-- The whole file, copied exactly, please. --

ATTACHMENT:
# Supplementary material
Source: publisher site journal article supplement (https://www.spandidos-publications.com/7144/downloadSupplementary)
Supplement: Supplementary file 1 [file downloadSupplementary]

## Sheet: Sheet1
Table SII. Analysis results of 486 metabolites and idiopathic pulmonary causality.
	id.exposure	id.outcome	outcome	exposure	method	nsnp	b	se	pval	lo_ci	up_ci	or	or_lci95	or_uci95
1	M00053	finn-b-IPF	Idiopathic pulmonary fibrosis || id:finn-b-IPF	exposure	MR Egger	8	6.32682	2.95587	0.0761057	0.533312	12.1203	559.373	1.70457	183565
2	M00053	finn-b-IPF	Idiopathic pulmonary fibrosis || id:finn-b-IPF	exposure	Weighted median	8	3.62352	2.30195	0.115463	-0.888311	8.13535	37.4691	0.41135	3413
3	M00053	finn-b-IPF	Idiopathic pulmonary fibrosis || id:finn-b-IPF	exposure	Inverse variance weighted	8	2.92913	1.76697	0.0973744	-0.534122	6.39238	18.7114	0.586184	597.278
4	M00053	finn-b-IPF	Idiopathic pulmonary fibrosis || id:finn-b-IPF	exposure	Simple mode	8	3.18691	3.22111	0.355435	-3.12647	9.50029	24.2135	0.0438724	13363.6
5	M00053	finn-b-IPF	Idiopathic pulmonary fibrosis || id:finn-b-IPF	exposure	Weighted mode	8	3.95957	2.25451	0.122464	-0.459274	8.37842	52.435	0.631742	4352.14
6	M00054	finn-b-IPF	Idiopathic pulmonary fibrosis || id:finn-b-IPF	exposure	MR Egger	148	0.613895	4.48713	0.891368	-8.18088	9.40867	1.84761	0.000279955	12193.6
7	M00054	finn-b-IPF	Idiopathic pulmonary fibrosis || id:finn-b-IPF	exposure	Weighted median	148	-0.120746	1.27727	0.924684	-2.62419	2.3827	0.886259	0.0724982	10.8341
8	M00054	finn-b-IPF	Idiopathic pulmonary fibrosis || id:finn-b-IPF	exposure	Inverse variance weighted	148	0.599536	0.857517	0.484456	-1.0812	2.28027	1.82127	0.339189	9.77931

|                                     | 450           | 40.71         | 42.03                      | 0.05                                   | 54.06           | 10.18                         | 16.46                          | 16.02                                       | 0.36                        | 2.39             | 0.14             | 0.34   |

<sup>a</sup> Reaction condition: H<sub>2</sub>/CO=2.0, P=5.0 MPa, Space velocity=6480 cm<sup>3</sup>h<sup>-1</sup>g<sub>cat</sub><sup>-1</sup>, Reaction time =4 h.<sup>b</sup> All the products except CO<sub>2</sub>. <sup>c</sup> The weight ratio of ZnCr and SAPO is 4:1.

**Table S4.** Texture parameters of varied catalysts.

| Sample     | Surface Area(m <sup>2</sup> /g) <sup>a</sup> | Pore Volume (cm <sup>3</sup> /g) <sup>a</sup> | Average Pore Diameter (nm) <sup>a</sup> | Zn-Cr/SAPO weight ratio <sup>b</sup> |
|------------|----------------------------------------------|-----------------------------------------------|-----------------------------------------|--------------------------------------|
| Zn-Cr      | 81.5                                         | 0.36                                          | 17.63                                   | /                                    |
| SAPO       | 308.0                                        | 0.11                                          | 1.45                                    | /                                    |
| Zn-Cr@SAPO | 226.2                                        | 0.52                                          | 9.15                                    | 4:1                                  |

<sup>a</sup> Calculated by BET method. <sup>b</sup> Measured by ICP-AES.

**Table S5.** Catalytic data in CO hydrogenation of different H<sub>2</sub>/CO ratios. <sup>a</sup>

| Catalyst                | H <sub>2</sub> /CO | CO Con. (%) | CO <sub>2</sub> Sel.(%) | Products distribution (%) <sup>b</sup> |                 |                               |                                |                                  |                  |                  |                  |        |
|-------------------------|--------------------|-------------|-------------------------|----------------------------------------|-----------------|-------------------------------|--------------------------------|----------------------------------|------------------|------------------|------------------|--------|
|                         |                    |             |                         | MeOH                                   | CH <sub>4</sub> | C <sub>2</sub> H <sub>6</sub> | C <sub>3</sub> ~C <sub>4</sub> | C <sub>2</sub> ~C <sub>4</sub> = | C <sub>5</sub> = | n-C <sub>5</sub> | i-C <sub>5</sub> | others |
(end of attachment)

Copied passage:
# Supplementary material
Source: publisher site journal article supplement (https://www.spandidos-publications.com/7144/downloadSupplementary)
Supplement: Supplementary file 1 [file downloadSupplementary]

## Sheet: Sheet1
Table SII. Analysis results of 486 metabolites and idiopathic pulmonary causality.
	id.exposure	id.outcome	outcome	exposure	method	nsnp	b	se	pval	lo_ci	up_ci	or	or_lci95	or_uci95
1	M00053	finn-b-IPF	Idiopathic pulmonary fibrosis || id:finn-b-IPF	exposure	MR Egger	8	6.32682	2.95587	0.0761057	0.533312	12.1203	559.373	1.70457	183565
2	M00053	finn-b-IPF	Idiopathic pulmonary fibrosis || id:finn-b-IPF	exposure	Weighted median	8	3.62352	2.30195	0.115463	-0.888311	8.13535	37.4691	0.41135	3413
3	M00053	finn-b-IPF	Idiopathic pulmonary fibrosis || id:finn-b-IPF	exposure	Inverse variance weighted	8	2.92913	1.76697	0.0973744	-0.534122	6.39238	18.7114	0.586184	597.278
4	M00053	finn-b-IPF	Idiopathic pulmonary fibrosis || id:finn-b-IPF	exposure	Simple mode	8	3.18691	3.22111	0.355435	-3.12647	9.50029	24.2135	0.0438724	13363.6
5	M00053	finn-b-IPF	Idiopathic pulmonary fibrosis || id:finn-b-IPF	exposure	Weighted mode	8	3.95957	2.25451	0.122464	-0.459274	8.37842	52.435	0.631742	4352.14
6	M00054	finn-b-IPF	Idiopathic pulmonary fibrosis || id:finn-b-IPF	exposure	MR Egger	148	0.613895	4.48713	0.891368	-8.18088	9.40867	1.84761	0.000279955	12193.6
7	M00054	finn-b-IPF	Idiopathic pulmonary fibrosis || id:finn-b-IPF	exposure	Weighted median	148	-0.120746	1.27727	0.924684	-2.62419	2.3827	0.886259	0.0724982	10.8341
8	M00054	finn-b-IPF	Idiopathic pulmonary fibrosis || id:finn-b-IPF	exposure	Inverse variance weighted	148	0.599536	0.857517	0.484456	-1.0812	2.28027	1.82127	0.339189	9.77931

|                                     | 450           | 40.71         | 42.03                      | 0.05                                   | 54.06           | 10.18                         | 16.46                          | 16.02                                       | 0.36                        | 2.39             | 0.14             | 0.34   |

<sup>a</sup> Reaction condition: H<sub>2</sub>/CO=2.0, P=5.0 MPa, Space velocity=6480 cm<sup>3</sup>h<sup>-1</sup>g<sub>cat</sub><sup>-1</sup>, Reaction time =4 h.<sup>b</sup> All the products except CO<sub>2</sub>. <sup>c</sup> The weight ratio of ZnCr and SAPO is 4:1.

**Table S4.** Texture parameters of varied catalysts.

| Sample     | Surface Area(m <sup>2</sup> /g) <sup>a</sup> | Pore Volume (cm <sup>3</sup> /g) <sup>a</sup> | Average Pore Diameter (nm) <sup>a</sup> | Zn-Cr/SAPO weight ratio <sup>b</sup> |
|------------|----------------------------------------------|-----------------------------------------------|-----------------------------------------|--------------------------------------|
| Zn-Cr      | 81.5                                         | 0.36                                          | 17.63                                   | /                                    |
| SAPO       | 308.0                                        | 0.11                                          | 1.45                                    | /                                    |
| Zn-Cr@SAPO | 226.2                                        | 0.52                                          | 9.15                                    | 4:1                                  |

<sup>a</sup> Calculated by BET method. <sup>b</sup> Measured by ICP-AES.

**Table S5.** Catalytic data in CO hydrogenation of different H<sub>2</sub>/CO ratios. <sup>a</sup>

| Catalyst                | H <sub>2</sub> /CO | CO Con. (%) | CO <sub>2</sub> Sel.(%) | Products distribution (%) <sup>b</sup> |                 |                               |                                |                                  |                  |                  |                  |        |
|-------------------------|--------------------|-------------|-------------------------|----------------------------------------|-----------------|-------------------------------|--------------------------------|----------------------------------|------------------|------------------|------------------|--------|
|                         |                    |             |                         | MeOH                                   | CH <sub>4</sub> | C <sub>2</sub> H <sub>6</sub> | C <sub>3</sub> ~C <sub>4</sub> | C <sub>2</sub> ~C <sub>4</sub> = | C <sub>5</sub> = | n-C <sub>5</sub> | i-C <sub>5</sub> | others |